Last summer I stood watching my then four-year-old son trying to learn to float at swim lessons. He’s as scrawny as a wet cat, all skin and bones with straw colored hair sticking out in every direction. I’m thankful for the swim shirt that hides the sharp protrusions of his shoulder blades. He looks vulnerable in the water and full of fear as his teacher gently and then with some force tries to pry off one then the other of the hands that my son has wound around his neck.
He’s on his back now, his torso cradled by the teacher, his head at a stiff angle, tense and lifted from the water as though doing a perpetual sit-up. And that, of course, is what he’s trying to do. Not to float, but to sit-up, get up, in any way he can to be out of the water. The teacher coaxes, “Put your head back. No, I’ve got you. Relax. No, I’ve got you. I’m not going to let you go.”
When his turn is over, he scrambles out of the water clinging to the wall with relief. Climbing and grabbing onto the side are familiar motions, but relaxing and floating are not. I quickly wrap his shivering back with a towel so that he can feel himself again.
* * *
In the weeks leading up to the twins’ birth and in the months after, I had the distinct feeling that my family and I were learning to float in a sea of grace. I was unable to buy groceries or clean the house and friends came on a regular basis to help with those tasks as well as taking our older kids to play in parks and playgrounds so I could rest and care for the babies. Meals were delivered to our house several nights a week for nearly six months.
Several times during those months John or I would break down in the evening after the kids were in bed or on a Saturday morning. We both felt that we were constantly treading water, that it was all we could do to keep our heads above it all.
But at the same time, in the midst of the struggle, we knew that we were being kept afloat by a power greater than ourselves. With time we learned, more than we ever had before, to stop fighting it, to let ourselves relax in the light touch of an unseen hand supporting us from below; to believe that there was more to be gained by giving in than resisting.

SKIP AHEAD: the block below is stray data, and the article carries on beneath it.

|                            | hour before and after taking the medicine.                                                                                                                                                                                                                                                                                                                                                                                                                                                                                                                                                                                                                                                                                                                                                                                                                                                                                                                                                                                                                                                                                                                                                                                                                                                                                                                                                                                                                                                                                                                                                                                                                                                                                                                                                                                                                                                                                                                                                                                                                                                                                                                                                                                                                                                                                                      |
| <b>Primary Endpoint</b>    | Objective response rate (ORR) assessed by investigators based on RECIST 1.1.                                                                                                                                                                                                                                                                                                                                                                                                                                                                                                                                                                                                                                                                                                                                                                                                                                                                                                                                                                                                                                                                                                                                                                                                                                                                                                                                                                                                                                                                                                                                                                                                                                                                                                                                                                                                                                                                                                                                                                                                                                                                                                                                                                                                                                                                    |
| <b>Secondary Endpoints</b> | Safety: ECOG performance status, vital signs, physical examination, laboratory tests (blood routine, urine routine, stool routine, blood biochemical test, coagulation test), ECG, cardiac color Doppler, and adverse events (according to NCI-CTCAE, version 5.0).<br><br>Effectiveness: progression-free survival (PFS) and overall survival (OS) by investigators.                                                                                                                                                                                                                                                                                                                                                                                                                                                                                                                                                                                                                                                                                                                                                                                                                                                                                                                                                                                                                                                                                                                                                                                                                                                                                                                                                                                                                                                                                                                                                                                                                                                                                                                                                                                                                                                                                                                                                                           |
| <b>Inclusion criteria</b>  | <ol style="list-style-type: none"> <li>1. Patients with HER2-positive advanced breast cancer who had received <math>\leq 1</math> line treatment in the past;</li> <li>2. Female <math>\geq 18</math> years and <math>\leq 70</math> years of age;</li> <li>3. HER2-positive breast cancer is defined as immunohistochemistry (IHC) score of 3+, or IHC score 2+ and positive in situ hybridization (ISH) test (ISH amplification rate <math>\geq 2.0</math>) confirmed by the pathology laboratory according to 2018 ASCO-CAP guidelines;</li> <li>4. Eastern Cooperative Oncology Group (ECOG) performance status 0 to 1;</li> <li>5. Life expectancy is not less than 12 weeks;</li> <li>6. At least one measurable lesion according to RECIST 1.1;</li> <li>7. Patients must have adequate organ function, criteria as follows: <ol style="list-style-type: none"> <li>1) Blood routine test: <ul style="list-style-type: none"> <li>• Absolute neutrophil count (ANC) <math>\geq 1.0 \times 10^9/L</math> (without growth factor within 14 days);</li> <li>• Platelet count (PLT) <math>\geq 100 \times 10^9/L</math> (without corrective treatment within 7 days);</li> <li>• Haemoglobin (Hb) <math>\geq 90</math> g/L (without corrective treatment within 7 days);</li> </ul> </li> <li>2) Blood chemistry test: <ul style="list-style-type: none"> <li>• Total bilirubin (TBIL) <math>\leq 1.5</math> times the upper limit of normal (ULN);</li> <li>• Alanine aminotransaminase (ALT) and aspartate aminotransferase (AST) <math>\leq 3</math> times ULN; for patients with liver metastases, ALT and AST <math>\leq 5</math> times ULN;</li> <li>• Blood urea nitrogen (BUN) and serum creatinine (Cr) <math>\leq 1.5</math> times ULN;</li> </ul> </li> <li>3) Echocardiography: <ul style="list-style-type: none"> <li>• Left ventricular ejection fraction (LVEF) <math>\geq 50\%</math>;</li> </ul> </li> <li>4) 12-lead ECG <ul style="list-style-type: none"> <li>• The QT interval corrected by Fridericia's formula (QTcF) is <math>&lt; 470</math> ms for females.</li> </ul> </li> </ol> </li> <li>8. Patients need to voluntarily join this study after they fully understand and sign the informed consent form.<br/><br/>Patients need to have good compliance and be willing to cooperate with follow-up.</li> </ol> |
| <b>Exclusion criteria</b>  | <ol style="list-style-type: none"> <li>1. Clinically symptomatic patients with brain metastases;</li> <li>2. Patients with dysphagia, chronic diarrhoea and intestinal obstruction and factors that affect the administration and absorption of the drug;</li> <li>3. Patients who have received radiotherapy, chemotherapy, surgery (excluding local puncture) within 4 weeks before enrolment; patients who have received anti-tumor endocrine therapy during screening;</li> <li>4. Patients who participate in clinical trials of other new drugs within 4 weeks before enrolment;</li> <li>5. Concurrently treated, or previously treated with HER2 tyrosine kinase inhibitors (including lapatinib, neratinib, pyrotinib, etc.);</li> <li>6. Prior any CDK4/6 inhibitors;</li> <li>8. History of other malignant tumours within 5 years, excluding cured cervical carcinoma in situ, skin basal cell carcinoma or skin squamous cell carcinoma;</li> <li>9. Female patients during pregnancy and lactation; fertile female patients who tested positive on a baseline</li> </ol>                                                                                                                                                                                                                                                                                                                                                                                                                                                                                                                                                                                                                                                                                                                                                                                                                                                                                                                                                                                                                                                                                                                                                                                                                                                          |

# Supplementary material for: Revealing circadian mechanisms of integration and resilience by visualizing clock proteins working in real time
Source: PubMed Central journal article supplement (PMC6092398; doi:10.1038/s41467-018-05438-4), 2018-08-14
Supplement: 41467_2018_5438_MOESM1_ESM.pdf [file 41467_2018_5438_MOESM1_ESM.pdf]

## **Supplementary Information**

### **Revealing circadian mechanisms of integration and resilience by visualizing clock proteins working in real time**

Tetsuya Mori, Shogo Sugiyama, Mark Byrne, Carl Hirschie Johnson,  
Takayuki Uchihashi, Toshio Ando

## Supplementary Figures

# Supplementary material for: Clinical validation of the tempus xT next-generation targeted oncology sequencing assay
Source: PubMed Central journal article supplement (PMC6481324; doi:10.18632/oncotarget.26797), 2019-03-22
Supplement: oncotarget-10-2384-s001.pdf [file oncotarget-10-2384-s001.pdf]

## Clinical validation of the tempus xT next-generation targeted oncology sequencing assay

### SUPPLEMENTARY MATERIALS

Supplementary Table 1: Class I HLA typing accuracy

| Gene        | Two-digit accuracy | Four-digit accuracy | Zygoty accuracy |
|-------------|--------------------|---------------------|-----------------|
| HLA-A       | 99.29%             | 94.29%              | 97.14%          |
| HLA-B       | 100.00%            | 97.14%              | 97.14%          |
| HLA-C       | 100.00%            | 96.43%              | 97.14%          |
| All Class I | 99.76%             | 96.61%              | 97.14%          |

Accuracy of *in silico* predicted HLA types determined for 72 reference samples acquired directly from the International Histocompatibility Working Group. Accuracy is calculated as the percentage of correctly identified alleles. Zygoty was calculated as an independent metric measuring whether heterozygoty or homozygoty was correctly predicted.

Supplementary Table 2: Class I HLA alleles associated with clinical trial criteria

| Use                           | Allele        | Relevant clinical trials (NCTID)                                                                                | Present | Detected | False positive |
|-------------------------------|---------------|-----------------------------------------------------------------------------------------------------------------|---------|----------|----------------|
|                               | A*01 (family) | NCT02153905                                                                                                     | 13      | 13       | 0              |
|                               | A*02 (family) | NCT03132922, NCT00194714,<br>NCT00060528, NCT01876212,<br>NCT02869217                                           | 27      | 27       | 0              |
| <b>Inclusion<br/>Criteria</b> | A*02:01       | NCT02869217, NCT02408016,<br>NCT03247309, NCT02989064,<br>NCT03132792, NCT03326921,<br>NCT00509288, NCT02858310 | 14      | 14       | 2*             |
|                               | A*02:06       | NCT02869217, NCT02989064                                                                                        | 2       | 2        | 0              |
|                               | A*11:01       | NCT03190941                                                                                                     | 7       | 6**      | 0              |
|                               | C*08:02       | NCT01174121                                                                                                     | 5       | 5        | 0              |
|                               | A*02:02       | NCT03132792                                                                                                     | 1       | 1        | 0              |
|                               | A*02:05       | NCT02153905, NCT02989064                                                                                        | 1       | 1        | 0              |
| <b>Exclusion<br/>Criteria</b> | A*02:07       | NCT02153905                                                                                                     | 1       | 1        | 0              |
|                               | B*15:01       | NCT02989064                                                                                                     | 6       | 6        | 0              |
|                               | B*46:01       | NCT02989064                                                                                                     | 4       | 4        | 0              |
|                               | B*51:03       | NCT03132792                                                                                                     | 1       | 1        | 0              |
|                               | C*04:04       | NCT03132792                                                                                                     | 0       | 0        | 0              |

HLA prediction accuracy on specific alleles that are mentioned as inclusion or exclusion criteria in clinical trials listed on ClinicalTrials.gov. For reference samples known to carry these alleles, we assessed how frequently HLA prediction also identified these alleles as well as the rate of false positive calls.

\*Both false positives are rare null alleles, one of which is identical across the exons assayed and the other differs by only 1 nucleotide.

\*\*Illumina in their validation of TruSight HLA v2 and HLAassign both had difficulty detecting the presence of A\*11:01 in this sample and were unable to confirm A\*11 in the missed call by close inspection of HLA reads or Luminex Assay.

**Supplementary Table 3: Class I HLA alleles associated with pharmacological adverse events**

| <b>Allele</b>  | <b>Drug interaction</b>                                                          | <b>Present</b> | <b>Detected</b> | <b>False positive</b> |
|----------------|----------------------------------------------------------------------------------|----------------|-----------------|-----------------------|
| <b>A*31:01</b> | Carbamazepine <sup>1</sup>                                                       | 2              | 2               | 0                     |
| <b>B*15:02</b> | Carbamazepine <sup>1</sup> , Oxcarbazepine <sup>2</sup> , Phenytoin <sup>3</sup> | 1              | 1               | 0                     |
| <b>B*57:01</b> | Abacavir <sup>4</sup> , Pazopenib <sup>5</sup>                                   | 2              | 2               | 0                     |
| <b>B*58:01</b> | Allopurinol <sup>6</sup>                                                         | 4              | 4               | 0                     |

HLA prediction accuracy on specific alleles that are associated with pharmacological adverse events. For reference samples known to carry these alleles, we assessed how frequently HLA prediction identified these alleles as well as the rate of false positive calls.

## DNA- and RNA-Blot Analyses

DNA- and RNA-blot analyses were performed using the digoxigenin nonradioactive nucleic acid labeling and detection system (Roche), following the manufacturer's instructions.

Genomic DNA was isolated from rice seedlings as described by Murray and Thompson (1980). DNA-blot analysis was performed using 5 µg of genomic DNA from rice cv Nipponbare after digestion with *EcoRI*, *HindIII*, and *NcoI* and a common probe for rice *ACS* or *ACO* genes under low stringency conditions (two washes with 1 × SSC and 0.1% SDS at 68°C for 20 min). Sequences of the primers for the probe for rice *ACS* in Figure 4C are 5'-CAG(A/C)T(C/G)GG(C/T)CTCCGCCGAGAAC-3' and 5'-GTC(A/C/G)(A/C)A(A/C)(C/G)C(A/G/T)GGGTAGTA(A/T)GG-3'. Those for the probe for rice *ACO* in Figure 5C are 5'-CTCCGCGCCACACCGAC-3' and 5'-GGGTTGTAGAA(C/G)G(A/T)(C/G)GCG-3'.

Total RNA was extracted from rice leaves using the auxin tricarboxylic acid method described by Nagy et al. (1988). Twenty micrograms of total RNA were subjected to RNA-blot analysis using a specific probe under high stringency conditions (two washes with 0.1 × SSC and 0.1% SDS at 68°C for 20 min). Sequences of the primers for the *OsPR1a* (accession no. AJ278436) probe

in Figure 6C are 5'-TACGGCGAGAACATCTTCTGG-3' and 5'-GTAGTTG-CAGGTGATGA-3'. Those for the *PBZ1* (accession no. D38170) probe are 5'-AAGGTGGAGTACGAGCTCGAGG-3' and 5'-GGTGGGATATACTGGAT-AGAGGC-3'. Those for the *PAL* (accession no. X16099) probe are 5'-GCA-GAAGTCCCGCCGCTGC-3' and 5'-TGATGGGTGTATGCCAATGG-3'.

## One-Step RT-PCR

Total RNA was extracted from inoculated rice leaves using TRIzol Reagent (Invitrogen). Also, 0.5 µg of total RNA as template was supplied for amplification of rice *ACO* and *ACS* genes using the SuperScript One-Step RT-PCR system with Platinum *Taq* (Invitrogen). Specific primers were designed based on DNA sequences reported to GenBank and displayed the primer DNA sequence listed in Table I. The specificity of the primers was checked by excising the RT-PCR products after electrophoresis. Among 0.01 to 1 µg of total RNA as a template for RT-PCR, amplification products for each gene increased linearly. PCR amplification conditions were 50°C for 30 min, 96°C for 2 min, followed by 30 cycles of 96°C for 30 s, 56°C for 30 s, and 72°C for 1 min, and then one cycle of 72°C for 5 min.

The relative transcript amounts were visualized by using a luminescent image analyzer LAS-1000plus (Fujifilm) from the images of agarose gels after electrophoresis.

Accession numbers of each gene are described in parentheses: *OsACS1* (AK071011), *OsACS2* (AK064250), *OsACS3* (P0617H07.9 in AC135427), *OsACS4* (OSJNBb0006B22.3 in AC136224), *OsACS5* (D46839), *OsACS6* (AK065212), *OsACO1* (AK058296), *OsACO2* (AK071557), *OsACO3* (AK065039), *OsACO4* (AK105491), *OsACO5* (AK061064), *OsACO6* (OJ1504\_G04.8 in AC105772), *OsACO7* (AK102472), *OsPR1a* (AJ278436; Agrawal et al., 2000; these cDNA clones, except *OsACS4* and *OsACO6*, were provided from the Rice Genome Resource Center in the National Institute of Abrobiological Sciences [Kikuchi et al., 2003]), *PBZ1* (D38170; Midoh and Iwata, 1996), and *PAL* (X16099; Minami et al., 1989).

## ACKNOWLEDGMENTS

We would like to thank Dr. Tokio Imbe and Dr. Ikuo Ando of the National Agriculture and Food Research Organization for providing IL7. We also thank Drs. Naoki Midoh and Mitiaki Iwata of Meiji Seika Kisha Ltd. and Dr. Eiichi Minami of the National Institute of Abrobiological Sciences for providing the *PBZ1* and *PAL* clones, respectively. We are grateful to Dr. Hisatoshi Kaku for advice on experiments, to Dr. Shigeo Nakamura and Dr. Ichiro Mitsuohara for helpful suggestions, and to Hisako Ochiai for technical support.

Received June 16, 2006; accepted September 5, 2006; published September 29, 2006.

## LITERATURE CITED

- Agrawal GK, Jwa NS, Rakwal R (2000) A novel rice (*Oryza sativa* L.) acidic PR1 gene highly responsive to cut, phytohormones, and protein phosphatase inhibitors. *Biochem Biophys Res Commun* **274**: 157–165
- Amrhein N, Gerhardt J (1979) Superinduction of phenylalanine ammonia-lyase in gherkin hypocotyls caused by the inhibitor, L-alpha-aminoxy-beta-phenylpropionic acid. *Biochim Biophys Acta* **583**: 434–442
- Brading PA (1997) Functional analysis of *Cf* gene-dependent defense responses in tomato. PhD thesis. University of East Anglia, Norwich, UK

* * *On days like today I can feel myself resisting, fighting with everything I have, to avoid the surrender. To avoid letting go and floating again in the ocean of grace that is my life. I know it makes no sense, but I am continually holding myself up, rigid and tight, drawn back from the edge, clinging with all I have. The grace I must learn to live in, to float in, day in and day out, often seems so far beneath me and, like a scrawny cat resisting a bath, I scratch and claw and reveal myself to be all kinds of desperate to not give in.
At some point it becomes clear to me that I can’t keep fighting like this or we’ll all walk away bloody and torn from my clawing.
* * *
“Look, God, I’m floating. I’m doing it.”“Uh, no,” God says, drawing my attention to my arms which are, to my embarrassment, wrapped tightly around his neck.
A tiny “oh,” escapes my mouth and a small laugh at my own expense as God removes my arms and repositions me in the water. My eyes close tight and I try to relax. I think I’ve got it.
“There God. Wow, this feels great. Who knew grace could feel so solid?” I ask, pleasantly pleased.
This time it’s God who laughs, a short grunt of exasperation and my eyes pop open. To my surprise I find I’m clinging like a spider-monkey to the edge of the pool.
You can’t float without trust and so I climb back into the waters of grace, lean back, and do what comes counter-intuitively, all the while trying to heed the voice that says, “I’ve got you. I’m not going to let you go. No. Just relax.”